A few days later I am still reflecting on this altercation. I am still processing how someone who apparently supports one marginalised group can't see how homogenising all social justice causes into a single convenient pot is so fundamentally offensive. It beggers belief really. Like some horrendous role call of prejudice and oppression: OK, will all the marginalised individuals in the room please go and stand in the corner together. Form an orderly, socially distanced queue please and we'll give you all a post it note that you can write your concerns on. Then we'll pin them on a big wall, pat ourselves on the back for giving you a voice, and ask you to go back to your day to day lives. And don't forget to be quiet on the way out. We don't want to disturb the neighbours.'

So what is the point of my rant? My diatribe. I guess that it is this. When anger and hurt manifest themselves, particularly off the back of hundreds of years of trauma it is not going to be pretty. And nor should it. Is it any wonder that after weeks of isolation where people are at boiling point already, this justified collective grief has now tipped over into an outpouring of rage and anger? Protesting quietly and sensibly and politely hasn't achieved very much so far despite the best efforts of civil activists over centuries.

My BA dissertation was on whether civil disobedience could ever be morally justified, and as a young, naiive philosophy student I concluded that if you were following strict ethical guidelines that no it couldn't where it resulted in violence and harm. But this isn't about following codes of conduct or philosophical principles. It's about redressing an imbalance in society which costs lives, again and again and again and again.

The suffragettes knew that. They knew that doing it the nice way wouldn't get them very far. But do you hear rounded condemnation of their approach? Does history paint them as anarchists, arsonists, terrorists or worse? Do we look back and say that the end didn't justify the means? No. We don't. We applaud them. We rever them. We commend them for their bravery and sacrifice. What's the difference? Why is this social justice cause not worthy in the same way? Precisely because of the reason people are protesting in the first place. Systemic racism.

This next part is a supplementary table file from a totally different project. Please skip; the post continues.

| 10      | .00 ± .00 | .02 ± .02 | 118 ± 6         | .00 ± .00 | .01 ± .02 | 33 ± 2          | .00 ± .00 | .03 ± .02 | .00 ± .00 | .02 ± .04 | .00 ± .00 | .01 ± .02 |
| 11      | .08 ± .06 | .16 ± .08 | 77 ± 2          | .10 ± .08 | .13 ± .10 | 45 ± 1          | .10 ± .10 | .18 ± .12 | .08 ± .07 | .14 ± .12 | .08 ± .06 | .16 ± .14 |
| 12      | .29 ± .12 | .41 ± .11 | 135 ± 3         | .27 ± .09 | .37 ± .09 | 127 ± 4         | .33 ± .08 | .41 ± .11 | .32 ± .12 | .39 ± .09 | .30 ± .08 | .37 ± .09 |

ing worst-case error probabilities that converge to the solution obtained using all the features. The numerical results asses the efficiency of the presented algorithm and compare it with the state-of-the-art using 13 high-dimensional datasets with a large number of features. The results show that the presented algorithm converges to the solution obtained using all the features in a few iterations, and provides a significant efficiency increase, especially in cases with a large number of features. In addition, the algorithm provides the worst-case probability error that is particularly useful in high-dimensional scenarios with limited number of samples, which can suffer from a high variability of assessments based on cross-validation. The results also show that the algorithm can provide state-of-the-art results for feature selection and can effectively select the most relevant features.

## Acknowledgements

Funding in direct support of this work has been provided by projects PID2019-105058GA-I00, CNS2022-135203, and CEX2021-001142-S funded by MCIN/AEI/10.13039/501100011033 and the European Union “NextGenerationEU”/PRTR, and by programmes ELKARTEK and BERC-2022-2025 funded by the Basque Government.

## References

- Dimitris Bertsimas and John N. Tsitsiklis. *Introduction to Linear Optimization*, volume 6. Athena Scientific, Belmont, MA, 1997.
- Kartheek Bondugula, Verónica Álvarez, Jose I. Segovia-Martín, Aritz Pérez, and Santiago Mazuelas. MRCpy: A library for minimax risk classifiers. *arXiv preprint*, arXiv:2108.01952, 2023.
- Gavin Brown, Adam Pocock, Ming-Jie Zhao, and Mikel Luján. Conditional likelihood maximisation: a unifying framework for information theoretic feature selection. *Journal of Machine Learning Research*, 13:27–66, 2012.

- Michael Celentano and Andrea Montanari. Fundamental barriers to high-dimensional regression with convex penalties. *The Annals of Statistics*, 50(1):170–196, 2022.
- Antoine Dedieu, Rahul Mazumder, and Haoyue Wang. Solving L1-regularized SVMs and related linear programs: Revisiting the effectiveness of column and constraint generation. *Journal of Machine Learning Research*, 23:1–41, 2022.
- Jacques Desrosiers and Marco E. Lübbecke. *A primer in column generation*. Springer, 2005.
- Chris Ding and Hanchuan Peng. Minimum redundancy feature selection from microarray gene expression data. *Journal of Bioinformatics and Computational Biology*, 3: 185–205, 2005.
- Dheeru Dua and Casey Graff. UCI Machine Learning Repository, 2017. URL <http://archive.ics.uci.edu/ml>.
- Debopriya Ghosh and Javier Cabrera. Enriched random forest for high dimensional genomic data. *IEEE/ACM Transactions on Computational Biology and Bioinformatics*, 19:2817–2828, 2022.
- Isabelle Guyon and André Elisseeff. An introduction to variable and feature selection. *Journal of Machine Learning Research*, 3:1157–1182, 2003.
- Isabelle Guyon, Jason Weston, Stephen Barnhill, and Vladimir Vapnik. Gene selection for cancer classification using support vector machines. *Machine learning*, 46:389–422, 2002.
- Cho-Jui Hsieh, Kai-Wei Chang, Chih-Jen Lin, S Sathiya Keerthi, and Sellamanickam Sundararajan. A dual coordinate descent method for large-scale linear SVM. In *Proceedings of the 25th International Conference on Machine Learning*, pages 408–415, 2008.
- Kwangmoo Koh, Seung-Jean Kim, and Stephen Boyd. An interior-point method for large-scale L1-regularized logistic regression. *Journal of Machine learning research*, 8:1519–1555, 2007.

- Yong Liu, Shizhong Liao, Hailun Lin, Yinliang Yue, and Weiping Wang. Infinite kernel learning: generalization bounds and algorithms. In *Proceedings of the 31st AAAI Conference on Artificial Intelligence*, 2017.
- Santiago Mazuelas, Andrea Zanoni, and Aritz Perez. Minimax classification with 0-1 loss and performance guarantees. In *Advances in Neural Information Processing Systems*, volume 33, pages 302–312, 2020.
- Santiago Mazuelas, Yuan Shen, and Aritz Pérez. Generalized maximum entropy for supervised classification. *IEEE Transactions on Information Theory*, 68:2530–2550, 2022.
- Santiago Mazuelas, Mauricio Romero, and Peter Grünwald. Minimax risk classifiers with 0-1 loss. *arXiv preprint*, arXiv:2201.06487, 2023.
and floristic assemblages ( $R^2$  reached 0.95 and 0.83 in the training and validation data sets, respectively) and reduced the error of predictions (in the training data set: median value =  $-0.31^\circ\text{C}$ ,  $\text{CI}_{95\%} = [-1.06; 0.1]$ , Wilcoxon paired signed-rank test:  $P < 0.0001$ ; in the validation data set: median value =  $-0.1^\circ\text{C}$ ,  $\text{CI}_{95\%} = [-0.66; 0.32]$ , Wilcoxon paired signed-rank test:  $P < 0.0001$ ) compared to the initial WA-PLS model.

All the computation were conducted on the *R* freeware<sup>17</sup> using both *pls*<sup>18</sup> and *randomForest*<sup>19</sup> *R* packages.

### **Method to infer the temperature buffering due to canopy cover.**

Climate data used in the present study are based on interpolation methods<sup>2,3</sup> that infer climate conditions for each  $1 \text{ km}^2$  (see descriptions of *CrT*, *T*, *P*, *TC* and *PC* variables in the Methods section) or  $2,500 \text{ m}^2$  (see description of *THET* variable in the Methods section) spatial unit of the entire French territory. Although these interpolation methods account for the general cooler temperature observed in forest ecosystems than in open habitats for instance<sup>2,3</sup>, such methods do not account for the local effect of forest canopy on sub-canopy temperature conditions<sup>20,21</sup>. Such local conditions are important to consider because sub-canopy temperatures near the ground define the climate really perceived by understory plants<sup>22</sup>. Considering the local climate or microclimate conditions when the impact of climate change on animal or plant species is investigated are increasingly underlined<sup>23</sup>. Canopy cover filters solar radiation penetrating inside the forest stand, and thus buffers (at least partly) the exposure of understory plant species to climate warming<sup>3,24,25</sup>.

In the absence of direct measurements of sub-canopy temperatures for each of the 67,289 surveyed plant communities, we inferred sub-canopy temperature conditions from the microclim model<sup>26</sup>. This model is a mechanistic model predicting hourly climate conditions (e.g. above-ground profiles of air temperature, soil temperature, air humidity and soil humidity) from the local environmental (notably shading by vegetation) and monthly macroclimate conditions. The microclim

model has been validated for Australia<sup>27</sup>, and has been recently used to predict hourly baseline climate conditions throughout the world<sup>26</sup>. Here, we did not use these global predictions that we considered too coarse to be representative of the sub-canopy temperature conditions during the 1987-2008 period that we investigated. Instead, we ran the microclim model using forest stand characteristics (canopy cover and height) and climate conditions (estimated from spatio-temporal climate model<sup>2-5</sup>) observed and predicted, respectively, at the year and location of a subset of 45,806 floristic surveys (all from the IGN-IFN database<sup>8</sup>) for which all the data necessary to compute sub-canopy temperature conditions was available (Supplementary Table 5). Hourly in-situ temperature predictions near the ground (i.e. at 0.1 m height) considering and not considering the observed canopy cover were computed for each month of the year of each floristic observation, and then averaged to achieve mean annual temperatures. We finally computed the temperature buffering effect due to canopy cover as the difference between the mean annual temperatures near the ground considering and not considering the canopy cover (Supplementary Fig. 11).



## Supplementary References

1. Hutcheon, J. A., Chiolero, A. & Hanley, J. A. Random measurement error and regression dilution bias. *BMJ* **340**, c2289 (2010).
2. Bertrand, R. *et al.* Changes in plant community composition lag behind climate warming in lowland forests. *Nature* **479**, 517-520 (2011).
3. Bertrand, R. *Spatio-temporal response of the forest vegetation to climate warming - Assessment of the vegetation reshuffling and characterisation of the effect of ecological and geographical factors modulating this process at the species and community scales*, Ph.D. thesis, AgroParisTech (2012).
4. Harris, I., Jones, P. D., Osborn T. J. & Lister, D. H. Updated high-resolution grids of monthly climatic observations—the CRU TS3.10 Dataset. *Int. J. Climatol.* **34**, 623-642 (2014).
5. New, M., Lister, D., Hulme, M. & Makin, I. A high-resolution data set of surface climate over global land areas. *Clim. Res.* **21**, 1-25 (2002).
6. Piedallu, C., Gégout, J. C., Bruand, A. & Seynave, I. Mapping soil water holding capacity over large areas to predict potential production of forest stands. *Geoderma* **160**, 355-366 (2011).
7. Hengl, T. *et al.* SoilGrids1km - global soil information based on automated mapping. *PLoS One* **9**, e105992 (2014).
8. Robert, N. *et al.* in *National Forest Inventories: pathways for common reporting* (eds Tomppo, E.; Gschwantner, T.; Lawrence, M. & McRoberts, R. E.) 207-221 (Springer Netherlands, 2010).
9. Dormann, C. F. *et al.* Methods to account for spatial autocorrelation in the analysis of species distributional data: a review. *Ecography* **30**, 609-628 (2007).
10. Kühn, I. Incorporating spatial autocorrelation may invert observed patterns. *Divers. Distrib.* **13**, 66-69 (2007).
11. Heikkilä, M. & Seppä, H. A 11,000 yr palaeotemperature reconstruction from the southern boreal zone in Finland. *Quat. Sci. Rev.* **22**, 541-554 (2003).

The leaders of the suffragette protests were nice, white, middle and upper class women. So we allow them their nasty, violent, direct action campaign and justify it because it was the only way to make the men at the time listen. What hypocrisy is now being spouted? Society hasn't been listening to the voices of BIPOC for generations and yet apparently we expect a nice sanitary version of dissent.

I saw an excellent video this week by activist Kimberly Jones in which she tries to address this. She talks about the social contract which exists to hold society together and how we as a society have repeatedly breached that contract and allowed it to happen. As a former litigator I can engage with that language.

Now is the time for reparations. For giving a judgment that recognises those breaches of contract and the causal link to the damages due. It's well worth watching and a fitting conclusion to this piece which, quite rightly, ends with her words not mine.